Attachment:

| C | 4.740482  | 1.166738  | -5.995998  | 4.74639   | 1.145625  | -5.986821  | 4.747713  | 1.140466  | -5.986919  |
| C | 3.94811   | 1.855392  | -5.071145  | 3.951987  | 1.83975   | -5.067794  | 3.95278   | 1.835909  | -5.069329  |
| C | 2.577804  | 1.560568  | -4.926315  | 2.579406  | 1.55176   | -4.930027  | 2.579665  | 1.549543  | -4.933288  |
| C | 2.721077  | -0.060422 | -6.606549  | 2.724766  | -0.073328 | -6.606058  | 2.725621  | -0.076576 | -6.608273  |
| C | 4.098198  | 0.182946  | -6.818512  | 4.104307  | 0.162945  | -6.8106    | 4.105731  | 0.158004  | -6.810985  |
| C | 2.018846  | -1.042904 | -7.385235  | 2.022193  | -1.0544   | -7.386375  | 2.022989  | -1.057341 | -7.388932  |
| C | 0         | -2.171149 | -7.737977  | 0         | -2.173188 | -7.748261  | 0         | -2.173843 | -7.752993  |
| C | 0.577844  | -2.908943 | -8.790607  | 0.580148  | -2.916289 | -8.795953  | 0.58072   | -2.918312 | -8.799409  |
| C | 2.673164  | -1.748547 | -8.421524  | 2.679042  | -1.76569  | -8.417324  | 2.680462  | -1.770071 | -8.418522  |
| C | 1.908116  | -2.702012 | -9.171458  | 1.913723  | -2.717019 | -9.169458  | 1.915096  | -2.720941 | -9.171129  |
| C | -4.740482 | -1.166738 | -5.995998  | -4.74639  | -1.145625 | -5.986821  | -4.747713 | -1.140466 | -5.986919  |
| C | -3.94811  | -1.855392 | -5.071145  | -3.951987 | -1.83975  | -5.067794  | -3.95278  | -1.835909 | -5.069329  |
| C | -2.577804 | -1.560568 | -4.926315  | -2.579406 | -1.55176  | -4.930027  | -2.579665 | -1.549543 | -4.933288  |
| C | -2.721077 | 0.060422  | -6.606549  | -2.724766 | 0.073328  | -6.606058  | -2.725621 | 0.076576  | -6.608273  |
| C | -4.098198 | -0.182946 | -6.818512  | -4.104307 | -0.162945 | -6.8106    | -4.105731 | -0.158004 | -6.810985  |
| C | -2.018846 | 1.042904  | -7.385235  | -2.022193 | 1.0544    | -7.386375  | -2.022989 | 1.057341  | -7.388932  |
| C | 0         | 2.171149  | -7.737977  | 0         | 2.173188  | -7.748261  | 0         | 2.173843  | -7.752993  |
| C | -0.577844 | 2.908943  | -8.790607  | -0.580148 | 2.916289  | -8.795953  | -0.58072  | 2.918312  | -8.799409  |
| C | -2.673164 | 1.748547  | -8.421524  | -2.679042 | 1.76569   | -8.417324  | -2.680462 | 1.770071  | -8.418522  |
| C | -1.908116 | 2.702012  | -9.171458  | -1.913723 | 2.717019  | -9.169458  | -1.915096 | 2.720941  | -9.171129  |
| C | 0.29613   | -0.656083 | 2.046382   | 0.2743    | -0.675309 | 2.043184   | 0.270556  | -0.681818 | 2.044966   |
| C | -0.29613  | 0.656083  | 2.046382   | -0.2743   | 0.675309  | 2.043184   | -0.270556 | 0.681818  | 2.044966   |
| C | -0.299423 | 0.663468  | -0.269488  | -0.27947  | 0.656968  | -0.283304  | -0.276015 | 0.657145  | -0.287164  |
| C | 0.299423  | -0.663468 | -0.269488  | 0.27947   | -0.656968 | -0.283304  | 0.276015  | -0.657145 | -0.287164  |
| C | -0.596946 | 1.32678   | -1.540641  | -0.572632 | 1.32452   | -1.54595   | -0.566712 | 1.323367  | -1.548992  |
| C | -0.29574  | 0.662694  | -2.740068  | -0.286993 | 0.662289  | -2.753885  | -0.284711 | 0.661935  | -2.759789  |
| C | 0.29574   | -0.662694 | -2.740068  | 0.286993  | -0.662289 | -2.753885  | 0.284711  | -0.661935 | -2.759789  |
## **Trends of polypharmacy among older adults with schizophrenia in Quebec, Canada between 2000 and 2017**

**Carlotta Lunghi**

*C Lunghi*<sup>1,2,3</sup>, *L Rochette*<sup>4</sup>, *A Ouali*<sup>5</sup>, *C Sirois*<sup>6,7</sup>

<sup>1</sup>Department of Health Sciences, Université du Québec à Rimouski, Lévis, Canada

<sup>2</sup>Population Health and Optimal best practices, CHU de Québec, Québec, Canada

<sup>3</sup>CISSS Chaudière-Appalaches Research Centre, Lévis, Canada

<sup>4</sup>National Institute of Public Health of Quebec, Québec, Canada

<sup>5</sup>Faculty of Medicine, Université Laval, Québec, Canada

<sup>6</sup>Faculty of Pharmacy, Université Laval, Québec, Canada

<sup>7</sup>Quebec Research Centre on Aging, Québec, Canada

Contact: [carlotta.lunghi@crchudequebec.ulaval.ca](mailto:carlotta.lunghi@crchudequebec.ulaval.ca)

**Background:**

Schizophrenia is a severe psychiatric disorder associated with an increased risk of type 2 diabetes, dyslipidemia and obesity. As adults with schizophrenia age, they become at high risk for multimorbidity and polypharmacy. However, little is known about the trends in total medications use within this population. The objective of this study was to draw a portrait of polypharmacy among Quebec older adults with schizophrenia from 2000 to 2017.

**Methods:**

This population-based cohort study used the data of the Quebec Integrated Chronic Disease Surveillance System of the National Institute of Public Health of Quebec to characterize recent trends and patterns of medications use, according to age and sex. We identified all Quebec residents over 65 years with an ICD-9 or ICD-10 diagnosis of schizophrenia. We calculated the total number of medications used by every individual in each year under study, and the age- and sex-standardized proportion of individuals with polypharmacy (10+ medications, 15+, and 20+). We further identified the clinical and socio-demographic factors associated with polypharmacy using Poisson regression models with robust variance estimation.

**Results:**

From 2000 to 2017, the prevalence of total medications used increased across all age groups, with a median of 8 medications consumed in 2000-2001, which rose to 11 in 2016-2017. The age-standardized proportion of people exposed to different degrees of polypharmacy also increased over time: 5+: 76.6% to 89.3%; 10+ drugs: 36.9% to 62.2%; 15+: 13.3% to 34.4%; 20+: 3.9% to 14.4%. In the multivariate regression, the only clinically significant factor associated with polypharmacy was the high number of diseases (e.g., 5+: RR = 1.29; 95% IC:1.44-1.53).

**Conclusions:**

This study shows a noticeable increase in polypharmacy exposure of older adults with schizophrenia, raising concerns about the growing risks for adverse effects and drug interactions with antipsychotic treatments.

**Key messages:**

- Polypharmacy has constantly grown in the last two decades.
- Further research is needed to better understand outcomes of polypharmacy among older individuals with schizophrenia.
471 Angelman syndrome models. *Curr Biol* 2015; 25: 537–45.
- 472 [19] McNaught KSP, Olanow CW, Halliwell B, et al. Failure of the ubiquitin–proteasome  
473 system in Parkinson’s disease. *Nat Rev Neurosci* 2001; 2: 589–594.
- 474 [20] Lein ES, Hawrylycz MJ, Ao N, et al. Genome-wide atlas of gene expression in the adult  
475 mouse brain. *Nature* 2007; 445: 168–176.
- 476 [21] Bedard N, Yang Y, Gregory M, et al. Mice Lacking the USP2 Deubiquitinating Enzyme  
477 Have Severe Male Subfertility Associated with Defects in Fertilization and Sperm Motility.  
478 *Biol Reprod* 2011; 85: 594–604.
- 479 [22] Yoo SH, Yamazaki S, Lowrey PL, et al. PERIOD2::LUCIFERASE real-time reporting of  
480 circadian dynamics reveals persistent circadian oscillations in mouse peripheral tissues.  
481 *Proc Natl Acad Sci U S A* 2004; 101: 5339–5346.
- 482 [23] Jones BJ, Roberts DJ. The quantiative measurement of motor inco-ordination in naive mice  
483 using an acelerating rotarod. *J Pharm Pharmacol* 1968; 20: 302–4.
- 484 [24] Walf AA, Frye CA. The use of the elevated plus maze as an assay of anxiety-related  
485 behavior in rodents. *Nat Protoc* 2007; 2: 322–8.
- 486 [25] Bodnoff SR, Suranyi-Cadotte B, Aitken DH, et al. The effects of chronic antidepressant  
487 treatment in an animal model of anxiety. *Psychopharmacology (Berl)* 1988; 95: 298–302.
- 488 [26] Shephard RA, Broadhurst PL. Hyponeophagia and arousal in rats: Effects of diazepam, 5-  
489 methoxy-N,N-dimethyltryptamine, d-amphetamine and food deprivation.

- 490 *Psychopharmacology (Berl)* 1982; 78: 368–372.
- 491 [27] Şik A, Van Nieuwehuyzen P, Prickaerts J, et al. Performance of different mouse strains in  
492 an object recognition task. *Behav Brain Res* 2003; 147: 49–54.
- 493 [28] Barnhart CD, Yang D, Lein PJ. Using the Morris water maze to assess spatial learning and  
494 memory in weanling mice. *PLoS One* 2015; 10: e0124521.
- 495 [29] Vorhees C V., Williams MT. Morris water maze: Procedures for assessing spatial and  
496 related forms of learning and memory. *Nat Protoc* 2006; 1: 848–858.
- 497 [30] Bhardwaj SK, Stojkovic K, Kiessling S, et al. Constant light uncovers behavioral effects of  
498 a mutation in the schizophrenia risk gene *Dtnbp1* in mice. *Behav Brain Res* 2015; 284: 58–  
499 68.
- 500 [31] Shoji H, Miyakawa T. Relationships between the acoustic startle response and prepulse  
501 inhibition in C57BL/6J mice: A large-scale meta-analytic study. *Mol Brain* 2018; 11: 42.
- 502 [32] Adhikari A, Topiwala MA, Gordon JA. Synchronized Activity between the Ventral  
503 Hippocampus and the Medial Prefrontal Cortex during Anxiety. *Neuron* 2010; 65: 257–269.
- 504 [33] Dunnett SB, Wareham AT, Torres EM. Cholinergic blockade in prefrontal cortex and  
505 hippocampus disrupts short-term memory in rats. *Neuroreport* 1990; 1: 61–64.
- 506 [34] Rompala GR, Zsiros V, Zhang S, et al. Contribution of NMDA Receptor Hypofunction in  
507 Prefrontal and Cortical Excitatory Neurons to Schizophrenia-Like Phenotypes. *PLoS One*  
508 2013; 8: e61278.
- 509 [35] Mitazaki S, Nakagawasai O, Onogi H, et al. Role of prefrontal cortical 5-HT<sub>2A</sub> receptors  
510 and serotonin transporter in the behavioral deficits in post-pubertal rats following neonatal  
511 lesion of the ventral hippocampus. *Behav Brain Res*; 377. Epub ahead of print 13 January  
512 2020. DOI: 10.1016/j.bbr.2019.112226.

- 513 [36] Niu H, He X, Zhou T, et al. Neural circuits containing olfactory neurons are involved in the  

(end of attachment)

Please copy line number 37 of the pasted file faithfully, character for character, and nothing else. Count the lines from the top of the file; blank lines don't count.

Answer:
<sup>7</sup>Quebec Research Centre on Aging, Québec, Canada